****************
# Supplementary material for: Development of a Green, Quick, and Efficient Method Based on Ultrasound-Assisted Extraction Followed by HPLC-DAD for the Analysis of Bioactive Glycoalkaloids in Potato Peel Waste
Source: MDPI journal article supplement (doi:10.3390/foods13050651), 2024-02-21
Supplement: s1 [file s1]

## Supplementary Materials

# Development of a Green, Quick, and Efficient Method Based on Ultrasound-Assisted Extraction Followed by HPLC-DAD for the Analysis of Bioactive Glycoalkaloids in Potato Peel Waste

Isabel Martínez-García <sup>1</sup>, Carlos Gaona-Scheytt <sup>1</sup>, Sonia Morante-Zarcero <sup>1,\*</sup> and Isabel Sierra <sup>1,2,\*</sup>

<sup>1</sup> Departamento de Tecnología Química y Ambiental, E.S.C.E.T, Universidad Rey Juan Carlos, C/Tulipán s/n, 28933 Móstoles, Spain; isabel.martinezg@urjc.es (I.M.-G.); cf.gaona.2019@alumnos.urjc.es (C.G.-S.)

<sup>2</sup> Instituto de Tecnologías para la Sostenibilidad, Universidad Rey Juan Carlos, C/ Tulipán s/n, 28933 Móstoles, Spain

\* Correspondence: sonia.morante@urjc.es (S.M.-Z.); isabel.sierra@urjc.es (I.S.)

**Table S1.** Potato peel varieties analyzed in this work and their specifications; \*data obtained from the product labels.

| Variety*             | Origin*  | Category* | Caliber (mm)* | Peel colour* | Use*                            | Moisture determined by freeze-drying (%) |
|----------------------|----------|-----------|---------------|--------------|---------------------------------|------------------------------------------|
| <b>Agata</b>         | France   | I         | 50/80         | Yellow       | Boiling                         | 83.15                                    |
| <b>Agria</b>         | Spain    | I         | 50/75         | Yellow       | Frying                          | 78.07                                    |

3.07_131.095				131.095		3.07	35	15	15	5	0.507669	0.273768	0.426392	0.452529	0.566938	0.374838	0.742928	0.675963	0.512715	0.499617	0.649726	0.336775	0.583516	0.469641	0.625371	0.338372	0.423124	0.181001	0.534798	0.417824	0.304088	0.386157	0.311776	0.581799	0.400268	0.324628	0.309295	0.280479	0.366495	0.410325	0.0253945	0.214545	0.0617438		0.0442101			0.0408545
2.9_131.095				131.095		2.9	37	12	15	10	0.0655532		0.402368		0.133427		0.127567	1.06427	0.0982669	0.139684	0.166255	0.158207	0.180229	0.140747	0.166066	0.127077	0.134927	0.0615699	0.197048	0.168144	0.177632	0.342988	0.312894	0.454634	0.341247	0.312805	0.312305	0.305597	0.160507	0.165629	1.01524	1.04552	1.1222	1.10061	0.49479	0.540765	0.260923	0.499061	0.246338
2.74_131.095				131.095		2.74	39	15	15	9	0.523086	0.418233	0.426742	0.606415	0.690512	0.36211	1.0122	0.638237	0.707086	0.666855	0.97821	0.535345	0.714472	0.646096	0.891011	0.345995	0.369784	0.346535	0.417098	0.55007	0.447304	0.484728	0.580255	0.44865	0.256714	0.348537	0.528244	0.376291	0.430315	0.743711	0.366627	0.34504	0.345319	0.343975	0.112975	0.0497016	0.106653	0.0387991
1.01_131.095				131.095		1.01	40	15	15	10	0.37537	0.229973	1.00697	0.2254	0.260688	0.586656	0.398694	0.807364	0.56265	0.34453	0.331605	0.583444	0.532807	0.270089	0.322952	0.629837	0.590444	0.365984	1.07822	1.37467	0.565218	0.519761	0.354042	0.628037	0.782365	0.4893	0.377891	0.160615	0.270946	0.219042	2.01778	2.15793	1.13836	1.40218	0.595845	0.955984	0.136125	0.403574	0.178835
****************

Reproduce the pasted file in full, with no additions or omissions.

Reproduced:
# Supplementary material for: Development of a Green, Quick, and Efficient Method Based on Ultrasound-Assisted Extraction Followed by HPLC-DAD for the Analysis of Bioactive Glycoalkaloids in Potato Peel Waste
Source: MDPI journal article supplement (doi:10.3390/foods13050651), 2024-02-21
Supplement: s1 [file s1]

## Supplementary Materials

# Development of a Green, Quick, and Efficient Method Based on Ultrasound-Assisted Extraction Followed by HPLC-DAD for the Analysis of Bioactive Glycoalkaloids in Potato Peel Waste

Isabel Martínez-García <sup>1</sup>, Carlos Gaona-Scheytt <sup>1</sup>, Sonia Morante-Zarcero <sup>1,\*</sup> and Isabel Sierra <sup>1,2,\*</sup>

<sup>1</sup> Departamento de Tecnología Química y Ambiental, E.S.C.E.T, Universidad Rey Juan Carlos, C/Tulipán s/n, 28933 Móstoles, Spain; isabel.martinezg@urjc.es (I.M.-G.); cf.gaona.2019@alumnos.urjc.es (C.G.-S.)

<sup>2</sup> Instituto de Tecnologías para la Sostenibilidad, Universidad Rey Juan Carlos, C/ Tulipán s/n, 28933 Móstoles, Spain

\* Correspondence: sonia.morante@urjc.es (S.M.-Z.); isabel.sierra@urjc.es (I.S.)

**Table S1.** Potato peel varieties analyzed in this work and their specifications; \*data obtained from the product labels.

| Variety*             | Origin*  | Category* | Caliber (mm)* | Peel colour* | Use*                            | Moisture determined by freeze-drying (%) |
|----------------------|----------|-----------|---------------|--------------|---------------------------------|------------------------------------------|
| <b>Agata</b>         | France   | I         | 50/80         | Yellow       | Boiling                         | 83.15                                    |
| <b>Agria</b>         | Spain    | I         | 50/75         | Yellow       | Frying                          | 78.07                                    |

3.07_131.095				131.095		3.07	35	15	15	5	0.507669	0.273768	0.426392	0.452529	0.566938	0.374838	0.742928	0.675963	0.512715	0.499617	0.649726	0.336775	0.583516	0.469641	0.625371	0.338372	0.423124	0.181001	0.534798	0.417824	0.304088	0.386157	0.311776	0.581799	0.400268	0.324628	0.309295	0.280479	0.366495	0.410325	0.0253945	0.214545	0.0617438		0.0442101			0.0408545
2.9_131.095				131.095		2.9	37	12	15	10	0.0655532		0.402368		0.133427		0.127567	1.06427	0.0982669	0.139684	0.166255	0.158207	0.180229	0.140747	0.166066	0.127077	0.134927	0.0615699	0.197048	0.168144	0.177632	0.342988	0.312894	0.454634	0.341247	0.312805	0.312305	0.305597	0.160507	0.165629	1.01524	1.04552	1.1222	1.10061	0.49479	0.540765	0.260923	0.499061	0.246338
2.74_131.095				131.095		2.74	39	15	15	9	0.523086	0.418233	0.426742	0.606415	0.690512	0.36211	1.0122	0.638237	0.707086	0.666855	0.97821	0.535345	0.714472	0.646096	0.891011	0.345995	0.369784	0.346535	0.417098	0.55007	0.447304	0.484728	0.580255	0.44865	0.256714	0.348537	0.528244	0.376291	0.430315	0.743711	0.366627	0.34504	0.345319	0.343975	0.112975	0.0497016	0.106653	0.0387991
1.01_131.095				131.095		1.01	40	15	15	10	0.37537	0.229973	1.00697	0.2254	0.260688	0.586656	0.398694	0.807364	0.56265	0.34453	0.331605	0.583444	0.532807	0.270089	0.322952	0.629837	0.590444	0.365984	1.07822	1.37467	0.565218	0.519761	0.354042	0.628037	0.782365	0.4893	0.377891	0.160615	0.270946	0.219042	2.01778	2.15793	1.13836	1.40218	0.595845	0.955984	0.136125	0.403574	0.178835